FOR THE DAILY SOUTHERNER
Ask A Master Gardener
"As the promise of spring begins to beckon the attention of "dormant" gardeners this time of year, so it is with those dormant weeds that will appear soon enough, making for a lot of catch up work to get our lawns ready for show time," says local Master Gardener Trainee, Bernice Pitt who has just completed certification in an NC State University course in Turf Management. Pitt is manager of the lawn and garden center at Marrow-Pitt Ace Home Center in Tarboro and is ready to help you with solutions in
maintaining your lawn. "I have found that the best source for answers to questions regarding turf grasses is the site:
www.turffiles.ncsu.edu and another,
www.turfweedmanagement.ncsu./weedmanagement.aspx," Pitt added. "It's where we found answers to this week's questions."
Jamie E. (Tarboro) asks: Is it too late to use pre-emergent pesticides to stop weeds in our lawn?
Answer: No, it's not too late. Late winter is when the application of
preemergent herbicides is recommended for summer annual weed control in turfgrass environments. Preemergent herbicides offer a great option for select annual grass and broadleaf weed control in warm- and cool-season turf. Preemergent herbicides are commonly used for crabgrass and goosegrass control but also control other grass and broadleaf weeds propagated from seed. As with any herbicide, one must be mindful of the herbicide mode of action. Specifically, with preemergent herbicides, application timing,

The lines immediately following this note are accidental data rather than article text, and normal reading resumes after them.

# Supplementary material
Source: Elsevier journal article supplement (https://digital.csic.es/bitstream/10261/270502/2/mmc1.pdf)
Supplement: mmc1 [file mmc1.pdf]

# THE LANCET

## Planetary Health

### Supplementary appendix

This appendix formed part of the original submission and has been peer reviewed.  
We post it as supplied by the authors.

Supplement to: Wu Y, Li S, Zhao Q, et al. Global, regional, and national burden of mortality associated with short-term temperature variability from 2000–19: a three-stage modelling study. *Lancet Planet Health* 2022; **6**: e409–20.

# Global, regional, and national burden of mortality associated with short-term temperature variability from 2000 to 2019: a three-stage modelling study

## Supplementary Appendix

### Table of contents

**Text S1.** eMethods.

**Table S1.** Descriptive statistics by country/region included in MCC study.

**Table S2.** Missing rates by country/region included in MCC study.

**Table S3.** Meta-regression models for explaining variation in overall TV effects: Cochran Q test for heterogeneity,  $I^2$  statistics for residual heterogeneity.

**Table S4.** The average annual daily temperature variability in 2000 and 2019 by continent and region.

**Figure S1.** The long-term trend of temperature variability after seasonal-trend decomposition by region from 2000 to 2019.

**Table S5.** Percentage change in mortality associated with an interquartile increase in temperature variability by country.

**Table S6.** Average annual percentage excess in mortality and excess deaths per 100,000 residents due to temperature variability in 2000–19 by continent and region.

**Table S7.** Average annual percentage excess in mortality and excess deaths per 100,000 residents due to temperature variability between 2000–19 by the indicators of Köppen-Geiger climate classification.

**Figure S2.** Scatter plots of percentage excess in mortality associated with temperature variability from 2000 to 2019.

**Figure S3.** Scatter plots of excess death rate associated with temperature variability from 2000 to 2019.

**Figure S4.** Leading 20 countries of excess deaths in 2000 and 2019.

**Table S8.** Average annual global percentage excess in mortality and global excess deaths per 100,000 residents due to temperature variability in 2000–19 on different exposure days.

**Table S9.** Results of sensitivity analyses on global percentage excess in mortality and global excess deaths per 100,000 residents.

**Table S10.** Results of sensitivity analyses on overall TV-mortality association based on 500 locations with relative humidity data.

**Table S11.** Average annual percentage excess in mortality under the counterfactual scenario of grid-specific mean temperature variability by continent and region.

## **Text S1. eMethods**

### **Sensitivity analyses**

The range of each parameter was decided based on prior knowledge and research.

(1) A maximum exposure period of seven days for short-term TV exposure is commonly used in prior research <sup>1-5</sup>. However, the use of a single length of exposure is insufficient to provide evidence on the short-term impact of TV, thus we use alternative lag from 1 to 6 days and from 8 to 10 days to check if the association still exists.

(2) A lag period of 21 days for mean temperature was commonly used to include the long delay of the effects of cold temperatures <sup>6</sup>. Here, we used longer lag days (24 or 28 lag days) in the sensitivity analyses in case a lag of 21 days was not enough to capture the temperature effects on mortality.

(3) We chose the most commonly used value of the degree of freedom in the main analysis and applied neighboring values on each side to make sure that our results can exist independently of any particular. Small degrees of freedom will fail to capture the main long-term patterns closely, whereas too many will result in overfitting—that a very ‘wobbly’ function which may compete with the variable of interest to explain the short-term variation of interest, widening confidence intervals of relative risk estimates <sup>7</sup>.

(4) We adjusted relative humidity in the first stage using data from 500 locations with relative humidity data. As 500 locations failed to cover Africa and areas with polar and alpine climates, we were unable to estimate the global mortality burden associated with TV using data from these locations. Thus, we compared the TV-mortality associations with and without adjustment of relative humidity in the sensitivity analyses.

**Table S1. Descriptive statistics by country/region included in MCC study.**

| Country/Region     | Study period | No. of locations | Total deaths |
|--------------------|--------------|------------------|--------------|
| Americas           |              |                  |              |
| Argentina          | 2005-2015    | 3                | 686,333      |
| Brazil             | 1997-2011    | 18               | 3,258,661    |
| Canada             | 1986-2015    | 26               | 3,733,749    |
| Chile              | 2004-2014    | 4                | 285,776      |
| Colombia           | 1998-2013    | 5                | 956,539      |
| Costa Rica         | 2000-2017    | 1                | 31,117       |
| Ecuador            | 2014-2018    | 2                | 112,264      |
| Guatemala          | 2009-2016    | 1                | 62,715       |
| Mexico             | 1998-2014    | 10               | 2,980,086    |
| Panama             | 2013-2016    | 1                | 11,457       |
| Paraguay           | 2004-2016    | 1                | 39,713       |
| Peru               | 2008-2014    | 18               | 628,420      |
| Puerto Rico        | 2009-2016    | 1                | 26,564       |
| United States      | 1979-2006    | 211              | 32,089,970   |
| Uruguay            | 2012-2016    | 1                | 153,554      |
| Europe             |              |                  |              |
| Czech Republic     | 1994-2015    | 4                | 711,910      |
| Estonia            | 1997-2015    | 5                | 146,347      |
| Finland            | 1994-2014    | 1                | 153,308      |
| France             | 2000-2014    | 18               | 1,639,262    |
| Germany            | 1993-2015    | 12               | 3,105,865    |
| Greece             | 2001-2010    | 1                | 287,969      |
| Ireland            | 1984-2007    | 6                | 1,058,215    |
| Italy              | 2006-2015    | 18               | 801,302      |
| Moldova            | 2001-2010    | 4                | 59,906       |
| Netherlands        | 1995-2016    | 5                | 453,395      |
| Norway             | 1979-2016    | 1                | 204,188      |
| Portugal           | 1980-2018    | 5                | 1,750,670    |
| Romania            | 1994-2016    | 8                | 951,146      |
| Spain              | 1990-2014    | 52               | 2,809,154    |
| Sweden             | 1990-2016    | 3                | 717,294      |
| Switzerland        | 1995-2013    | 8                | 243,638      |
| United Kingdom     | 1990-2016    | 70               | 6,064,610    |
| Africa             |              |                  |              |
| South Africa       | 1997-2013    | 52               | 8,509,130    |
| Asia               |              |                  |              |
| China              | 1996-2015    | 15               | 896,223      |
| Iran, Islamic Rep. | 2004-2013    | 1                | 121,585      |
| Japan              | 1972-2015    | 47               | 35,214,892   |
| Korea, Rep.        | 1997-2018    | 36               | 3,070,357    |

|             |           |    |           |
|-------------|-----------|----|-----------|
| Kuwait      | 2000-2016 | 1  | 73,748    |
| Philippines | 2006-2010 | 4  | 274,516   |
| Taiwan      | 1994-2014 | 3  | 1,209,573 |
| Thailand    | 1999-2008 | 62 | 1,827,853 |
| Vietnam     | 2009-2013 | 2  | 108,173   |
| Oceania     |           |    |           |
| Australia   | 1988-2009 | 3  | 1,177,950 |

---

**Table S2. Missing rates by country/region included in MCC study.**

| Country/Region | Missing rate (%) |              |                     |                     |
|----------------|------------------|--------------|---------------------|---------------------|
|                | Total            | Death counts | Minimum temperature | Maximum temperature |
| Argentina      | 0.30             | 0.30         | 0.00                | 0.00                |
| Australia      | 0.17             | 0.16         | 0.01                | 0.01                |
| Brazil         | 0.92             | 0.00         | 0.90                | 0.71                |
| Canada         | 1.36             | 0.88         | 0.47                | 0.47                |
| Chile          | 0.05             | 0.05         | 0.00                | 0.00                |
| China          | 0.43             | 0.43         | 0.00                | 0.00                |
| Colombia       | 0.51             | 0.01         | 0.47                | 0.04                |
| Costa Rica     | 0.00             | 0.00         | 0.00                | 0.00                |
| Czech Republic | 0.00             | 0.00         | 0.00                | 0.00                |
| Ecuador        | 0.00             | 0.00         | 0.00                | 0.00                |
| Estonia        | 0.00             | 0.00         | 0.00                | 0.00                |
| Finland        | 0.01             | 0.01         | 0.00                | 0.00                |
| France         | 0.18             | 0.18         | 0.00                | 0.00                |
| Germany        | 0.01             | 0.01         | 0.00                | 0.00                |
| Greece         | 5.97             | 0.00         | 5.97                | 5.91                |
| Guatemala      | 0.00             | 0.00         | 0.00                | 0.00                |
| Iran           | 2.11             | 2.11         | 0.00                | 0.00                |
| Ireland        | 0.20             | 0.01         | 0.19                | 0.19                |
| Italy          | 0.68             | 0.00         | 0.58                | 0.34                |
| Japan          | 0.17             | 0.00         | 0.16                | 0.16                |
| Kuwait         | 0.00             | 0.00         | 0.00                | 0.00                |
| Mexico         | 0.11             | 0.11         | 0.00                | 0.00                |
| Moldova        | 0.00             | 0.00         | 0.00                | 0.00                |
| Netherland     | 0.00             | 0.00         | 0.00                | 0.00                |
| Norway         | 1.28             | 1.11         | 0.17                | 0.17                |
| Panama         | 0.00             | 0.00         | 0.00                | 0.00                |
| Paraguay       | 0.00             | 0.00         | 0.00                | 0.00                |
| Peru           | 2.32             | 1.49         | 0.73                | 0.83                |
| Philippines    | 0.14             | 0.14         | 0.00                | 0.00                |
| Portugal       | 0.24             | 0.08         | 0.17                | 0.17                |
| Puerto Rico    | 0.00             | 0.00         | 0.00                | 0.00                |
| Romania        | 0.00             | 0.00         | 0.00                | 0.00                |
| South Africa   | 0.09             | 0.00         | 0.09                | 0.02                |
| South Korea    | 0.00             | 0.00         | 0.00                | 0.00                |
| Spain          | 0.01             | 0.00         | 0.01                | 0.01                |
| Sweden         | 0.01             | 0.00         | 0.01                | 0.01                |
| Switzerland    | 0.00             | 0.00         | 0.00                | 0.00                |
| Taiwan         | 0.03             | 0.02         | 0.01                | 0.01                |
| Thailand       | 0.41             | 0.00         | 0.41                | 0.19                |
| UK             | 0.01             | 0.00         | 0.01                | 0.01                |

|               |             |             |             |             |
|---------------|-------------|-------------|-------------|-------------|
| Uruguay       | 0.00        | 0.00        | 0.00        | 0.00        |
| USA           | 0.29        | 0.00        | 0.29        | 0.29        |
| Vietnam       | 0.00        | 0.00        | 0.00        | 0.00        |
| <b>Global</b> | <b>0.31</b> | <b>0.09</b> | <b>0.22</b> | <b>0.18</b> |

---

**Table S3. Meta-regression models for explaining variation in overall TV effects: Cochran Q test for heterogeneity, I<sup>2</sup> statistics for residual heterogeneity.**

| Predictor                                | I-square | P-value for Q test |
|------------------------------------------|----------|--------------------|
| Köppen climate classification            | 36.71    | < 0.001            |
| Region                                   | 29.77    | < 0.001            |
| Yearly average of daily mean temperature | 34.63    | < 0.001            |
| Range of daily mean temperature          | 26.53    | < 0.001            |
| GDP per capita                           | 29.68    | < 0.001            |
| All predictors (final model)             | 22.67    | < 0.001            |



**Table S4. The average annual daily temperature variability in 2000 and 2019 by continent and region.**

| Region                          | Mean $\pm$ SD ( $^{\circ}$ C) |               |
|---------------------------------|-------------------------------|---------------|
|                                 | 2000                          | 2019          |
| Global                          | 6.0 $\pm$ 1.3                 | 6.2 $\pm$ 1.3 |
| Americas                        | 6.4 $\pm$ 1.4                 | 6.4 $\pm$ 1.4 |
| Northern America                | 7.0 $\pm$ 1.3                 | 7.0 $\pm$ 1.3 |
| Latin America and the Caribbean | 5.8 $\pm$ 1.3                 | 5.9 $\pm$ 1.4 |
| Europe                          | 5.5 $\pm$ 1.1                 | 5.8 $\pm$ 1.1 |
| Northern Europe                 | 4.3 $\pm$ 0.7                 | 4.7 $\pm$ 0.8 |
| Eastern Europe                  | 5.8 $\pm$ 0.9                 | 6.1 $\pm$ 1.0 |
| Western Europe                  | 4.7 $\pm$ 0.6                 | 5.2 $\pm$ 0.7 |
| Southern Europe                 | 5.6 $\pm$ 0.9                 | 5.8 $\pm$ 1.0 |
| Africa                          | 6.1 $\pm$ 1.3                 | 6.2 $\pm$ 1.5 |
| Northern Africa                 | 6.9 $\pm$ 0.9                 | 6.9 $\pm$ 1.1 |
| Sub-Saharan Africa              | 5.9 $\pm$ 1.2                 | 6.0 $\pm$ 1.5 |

application coverage, and single versus split applications among other factors are crucial to the results obtained.
Since these herbicides control susceptible species as they grow through the herbicide treated zone, the herbicide barrier must be established prior to weed seed germination. In most areas in NC, this occurs in mid- to late-March, so products need to be applied prior to this time.
Common preemergent herbicides labeled for use in turfgrass areas include benefin, dithiopyr, oxadiazon, oryzalin, pendimethalin, prodiamine, and trifluralin (these are common names and are often sold under various trade names). Products like Scott's Halts are readily available at your favorite lawn and garden center and everything you need to know is on the label . An application creates a seal so weeds can't come up. A second application can be applied the first week in April. As with all herbicides, please read the
label and follow instructions.
For weed prevention in your flower beds, ask about Preen at your garden center.
These are two products available at your local lawn/garden center that can be used now to prevent weeds on turfgrass and in your flower beds.
Michael H. (Tarboro) asks: What product can I use to get rid of broadleaf weeds that are already visible on my lawn?
Answer: In many cases, controlling winter weeds in the dead of winter is not a great idea. Once cold weather sets in, winter weed growth slows down significantly. Even nonselective herbicides struggle to kill weeds such as henbit, annual bluegrass and perennials such as white clover when applied in winter months.
Winter weeds will basically go dormant but stay green and survive through snow and ice. When spring and warmer temperatures approach, winter weed growth and development resumes quickly. Spring would be a better time to successfully control winter weeds once they resume growing.